Welcome to the final installment of The Hurricane Diaries! You read that right! Our power has been restored just in time for tomorrow’s nor’easter to throw some trees and loose branches into the power lines! But I’ll take it!
We woke up around 6:30 this morning at my dad’s. We didn’t sleep too well; the bed was a bit uncomfortable and the dogs weren’t happy about the new, smallish space. Ru kept getting up and clacking around the guest bedroom. We showered, took the dogs out, and then drove home.
The house was forty-eight degrees when we walked in. And that was why we stayed at Dad’s last night. It was about 25 degrees last night, and there’s no way we could’ve kept the stove going enough to keep us warm without going through all the wood in the accessible part of the shed.
While I got coffee going up in the kitchen, my hands held right above the kettle for warmth, Amy cleaned out the ashes from the stove, so I could get the fire going again. I was afraid that another few nights like that would lead to burst heating pipes, since we can’t circulate the water in them without electricity.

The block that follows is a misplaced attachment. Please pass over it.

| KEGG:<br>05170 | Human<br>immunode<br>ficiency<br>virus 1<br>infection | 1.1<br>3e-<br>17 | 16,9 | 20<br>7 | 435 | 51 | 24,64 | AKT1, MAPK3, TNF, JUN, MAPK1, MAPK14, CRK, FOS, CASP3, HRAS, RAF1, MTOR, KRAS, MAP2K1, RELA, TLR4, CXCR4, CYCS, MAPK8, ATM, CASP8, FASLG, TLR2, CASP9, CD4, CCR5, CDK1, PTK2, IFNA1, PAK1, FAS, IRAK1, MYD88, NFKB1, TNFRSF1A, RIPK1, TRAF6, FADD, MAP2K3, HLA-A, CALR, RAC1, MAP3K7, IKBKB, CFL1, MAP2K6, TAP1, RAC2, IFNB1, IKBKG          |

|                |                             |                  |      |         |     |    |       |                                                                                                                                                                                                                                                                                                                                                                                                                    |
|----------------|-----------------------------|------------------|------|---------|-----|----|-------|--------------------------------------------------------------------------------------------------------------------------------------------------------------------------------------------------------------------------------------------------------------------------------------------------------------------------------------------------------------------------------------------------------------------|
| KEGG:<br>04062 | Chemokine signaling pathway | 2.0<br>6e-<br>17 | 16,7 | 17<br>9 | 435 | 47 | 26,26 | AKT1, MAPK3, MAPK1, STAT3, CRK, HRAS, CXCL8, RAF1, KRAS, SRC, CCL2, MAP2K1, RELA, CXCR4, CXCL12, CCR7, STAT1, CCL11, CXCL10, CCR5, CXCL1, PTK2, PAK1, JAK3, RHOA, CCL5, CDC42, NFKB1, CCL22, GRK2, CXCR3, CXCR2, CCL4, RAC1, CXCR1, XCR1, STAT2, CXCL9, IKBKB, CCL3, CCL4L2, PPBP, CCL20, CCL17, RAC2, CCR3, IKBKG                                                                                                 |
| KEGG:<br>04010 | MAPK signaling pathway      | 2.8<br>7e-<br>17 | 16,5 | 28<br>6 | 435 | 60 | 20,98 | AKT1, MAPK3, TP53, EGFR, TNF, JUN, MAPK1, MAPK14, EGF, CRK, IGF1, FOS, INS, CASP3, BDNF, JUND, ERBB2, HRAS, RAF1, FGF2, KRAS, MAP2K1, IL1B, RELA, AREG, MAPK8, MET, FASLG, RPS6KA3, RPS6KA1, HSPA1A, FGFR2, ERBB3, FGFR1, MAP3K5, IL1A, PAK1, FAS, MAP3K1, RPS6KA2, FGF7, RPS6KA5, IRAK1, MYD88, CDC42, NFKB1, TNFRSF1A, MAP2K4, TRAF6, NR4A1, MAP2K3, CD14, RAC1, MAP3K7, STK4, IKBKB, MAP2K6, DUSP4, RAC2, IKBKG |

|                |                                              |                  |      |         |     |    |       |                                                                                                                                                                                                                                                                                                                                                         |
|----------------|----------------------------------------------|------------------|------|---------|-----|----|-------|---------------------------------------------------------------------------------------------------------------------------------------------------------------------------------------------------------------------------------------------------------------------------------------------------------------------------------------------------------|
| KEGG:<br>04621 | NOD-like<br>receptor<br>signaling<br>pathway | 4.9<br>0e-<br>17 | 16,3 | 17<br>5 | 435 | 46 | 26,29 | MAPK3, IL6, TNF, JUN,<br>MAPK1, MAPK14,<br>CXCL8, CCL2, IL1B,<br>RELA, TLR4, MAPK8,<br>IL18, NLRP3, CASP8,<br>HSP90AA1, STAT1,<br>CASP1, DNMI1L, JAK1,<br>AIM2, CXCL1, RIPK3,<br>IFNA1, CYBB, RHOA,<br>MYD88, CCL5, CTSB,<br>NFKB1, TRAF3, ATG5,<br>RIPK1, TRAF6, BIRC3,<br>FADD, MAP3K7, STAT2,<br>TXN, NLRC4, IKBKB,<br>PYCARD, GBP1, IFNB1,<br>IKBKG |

Once I got the fire started (it was a bit difficult this time, but maybe it was just my impatience and exhaustion), I left Amy in charge and drove down to the polling station to vote. I promised my presidential vote to whichever candidate would show up and get my electricity back, but they seemed more focused on Ohio. I didn’t mind.
There was no line, so I got home quickly, got my things together, and headed out to the office. On the way, I decided to gas up the car, although I still had half a tank. I pulled toward the Valero station on 17 S., but there was a line about 15 cars long to gas up. Then I noticed that the line was for cars with their gas-tanks on the left side; the right-side lane was all clear, so I veered into the gas station at maybe an 85° angle to the line of cars, pulled up to the island, and got filled up in no time. I think the attendant was a little indignant that I didn’t have to wait. Poor Cherki.